Kiara Advani returns to Netflix with Guilty, her second outing with the streamer after Lust Stories, and the actor says filmmaker Karan Johar thought she would be apprehensive about coming on board for another project on the OTT platform.
Kiara made her debut in 2014 with Fugly, but found acclaim with Johar’s directorial segment in the 2018’s anthology.
“I was in the car with Karan when he told me he has heard a narration and it’s a very strong role. He said it’s the most thrilling script he had heard. He wanted me to hear it and told me it was on Netflix.
“But he thought I may have an apprehension in my mind because I had signed films like ‘Kabir Singh’ and ‘Good Newwz’ but in my head, the platform doesn’t matter. What matters is the content,” Kiara told reporters here.
Having seen the reach of web, the actor said she had no qualms about returning to the medium.
“As an actor you want to reach out to as many people as possible. Fortunately, the script that came to me was ‘Guilty’. ‘Lust Stories’ was a game changer for me. So there was never a second thought about doing ‘Guilty’. It seemed like a perfect opportunity.”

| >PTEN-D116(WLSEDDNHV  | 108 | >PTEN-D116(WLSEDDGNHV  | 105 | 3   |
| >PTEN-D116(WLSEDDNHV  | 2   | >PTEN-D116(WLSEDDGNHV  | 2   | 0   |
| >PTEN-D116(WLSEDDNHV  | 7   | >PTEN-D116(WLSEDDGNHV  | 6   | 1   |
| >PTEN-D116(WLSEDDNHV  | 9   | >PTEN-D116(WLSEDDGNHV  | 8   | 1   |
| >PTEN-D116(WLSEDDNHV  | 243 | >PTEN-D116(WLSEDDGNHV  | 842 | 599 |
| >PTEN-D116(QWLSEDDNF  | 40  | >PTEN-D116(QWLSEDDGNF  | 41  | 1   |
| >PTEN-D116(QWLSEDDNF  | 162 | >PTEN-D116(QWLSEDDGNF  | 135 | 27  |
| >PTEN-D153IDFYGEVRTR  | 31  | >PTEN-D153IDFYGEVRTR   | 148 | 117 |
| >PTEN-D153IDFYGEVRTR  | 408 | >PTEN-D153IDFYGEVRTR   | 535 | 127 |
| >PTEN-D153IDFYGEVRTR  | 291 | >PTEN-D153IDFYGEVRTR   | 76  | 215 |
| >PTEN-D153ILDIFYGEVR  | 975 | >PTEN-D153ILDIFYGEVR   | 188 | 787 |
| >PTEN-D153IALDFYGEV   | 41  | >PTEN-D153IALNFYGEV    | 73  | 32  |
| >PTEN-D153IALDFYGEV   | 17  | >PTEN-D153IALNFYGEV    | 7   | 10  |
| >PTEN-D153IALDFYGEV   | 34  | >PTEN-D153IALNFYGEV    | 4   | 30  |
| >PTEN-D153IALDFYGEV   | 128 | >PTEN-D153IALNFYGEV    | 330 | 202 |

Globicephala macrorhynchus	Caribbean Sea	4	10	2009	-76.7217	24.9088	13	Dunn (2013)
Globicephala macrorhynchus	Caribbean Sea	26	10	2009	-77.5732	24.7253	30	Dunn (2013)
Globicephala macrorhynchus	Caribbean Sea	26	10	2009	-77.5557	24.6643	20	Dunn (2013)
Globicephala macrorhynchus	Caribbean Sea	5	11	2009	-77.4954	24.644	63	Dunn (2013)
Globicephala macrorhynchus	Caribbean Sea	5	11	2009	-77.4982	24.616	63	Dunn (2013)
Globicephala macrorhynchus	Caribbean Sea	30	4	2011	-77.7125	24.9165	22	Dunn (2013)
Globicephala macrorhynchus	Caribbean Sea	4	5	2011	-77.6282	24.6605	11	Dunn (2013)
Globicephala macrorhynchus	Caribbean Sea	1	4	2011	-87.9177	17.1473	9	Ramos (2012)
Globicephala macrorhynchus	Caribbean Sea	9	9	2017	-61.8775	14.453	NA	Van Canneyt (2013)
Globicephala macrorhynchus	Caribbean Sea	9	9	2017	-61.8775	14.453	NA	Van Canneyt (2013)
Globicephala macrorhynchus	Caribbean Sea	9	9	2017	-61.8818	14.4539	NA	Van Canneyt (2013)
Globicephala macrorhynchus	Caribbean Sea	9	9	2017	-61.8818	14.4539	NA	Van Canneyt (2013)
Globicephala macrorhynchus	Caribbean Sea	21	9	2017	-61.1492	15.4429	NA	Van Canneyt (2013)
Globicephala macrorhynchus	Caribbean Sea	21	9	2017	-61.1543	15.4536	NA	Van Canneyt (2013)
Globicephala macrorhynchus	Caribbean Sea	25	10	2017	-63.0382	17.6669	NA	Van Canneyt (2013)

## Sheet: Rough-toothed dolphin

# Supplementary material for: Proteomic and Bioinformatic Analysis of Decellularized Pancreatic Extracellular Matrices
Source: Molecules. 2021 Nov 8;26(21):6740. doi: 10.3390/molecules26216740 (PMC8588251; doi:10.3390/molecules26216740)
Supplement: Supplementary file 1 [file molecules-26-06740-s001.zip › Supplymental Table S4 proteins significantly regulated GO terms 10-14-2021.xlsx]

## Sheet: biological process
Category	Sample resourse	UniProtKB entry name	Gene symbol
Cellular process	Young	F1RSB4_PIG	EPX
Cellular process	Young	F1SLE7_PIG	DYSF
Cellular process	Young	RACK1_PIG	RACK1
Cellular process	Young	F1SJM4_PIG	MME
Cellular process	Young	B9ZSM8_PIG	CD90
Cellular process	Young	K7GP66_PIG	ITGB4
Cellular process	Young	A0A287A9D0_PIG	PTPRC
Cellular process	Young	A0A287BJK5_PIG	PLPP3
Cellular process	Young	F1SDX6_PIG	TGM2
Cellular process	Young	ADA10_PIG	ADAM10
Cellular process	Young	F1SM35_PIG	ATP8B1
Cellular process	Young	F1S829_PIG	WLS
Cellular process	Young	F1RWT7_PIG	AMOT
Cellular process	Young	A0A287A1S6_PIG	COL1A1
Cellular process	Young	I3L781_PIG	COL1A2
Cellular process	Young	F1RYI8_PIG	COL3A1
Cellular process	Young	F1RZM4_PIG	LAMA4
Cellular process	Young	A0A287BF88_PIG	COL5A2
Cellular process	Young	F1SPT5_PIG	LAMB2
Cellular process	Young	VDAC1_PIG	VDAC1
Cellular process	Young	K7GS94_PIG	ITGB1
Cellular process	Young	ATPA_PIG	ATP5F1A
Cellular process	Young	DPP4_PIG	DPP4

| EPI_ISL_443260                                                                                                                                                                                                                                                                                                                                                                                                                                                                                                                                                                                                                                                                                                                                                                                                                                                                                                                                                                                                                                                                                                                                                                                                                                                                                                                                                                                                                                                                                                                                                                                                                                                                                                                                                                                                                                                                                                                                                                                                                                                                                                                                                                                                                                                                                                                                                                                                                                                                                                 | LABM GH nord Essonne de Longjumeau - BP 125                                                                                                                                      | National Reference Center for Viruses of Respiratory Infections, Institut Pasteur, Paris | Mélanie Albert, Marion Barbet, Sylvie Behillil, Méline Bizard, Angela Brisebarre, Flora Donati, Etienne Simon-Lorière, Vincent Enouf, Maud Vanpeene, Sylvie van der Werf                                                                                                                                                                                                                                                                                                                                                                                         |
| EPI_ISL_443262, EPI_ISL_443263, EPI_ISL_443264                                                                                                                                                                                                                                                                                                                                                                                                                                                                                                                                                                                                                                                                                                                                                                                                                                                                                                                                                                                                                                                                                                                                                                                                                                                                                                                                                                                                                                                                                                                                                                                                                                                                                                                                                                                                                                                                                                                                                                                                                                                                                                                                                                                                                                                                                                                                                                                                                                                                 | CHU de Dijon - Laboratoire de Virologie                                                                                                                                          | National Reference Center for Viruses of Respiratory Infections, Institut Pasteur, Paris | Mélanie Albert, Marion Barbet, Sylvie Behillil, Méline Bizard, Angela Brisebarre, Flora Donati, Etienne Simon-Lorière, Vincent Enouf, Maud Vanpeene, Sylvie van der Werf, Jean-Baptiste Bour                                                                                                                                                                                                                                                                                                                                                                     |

Directed by Ruchi Narain, Guilty explores the different versions of truth that emerge when a small-town girl accuses the college heartthrob of rape.
Kiara said the story of the film is layered and hence it cannot be classified as a thriller.
“Yesterday I called Karan and asked him, ‘What do I say (about the trailer)’ and he said something that I wrote down because it aptly describes the film.
“Basically, consent is a victim of perception. And it’s true because what may be consensual to you might not be consensual to someone else.”
Ruchi, known for writing screenplays of films such as Hazaaron Khwaishein Aisi and Calcutta Mail, said while sexual assault has always been a relevant issue, there is a lot more conversation and awareness around it today.
“There is a lot of talk and awareness about it these days, about any kind of assault and who do you believe. What interested me the most in telling this story was that when you read an article, there are opinions and a lot of things are academic. But life is about human beings and everybody is coming from a (certain) place, they have their own agenda.
“So when an issue like this happens, there are different reasons to believe and to not believe. So how do you really know? That’s the question which bothers and plagues all of us. Everyone has a point of view and it is, in some way, relevant. It is a story about human complexities,” Ruchi added.
Written by Kanika Dhillon and Atika Chohan, Guilty will stream from March 6.
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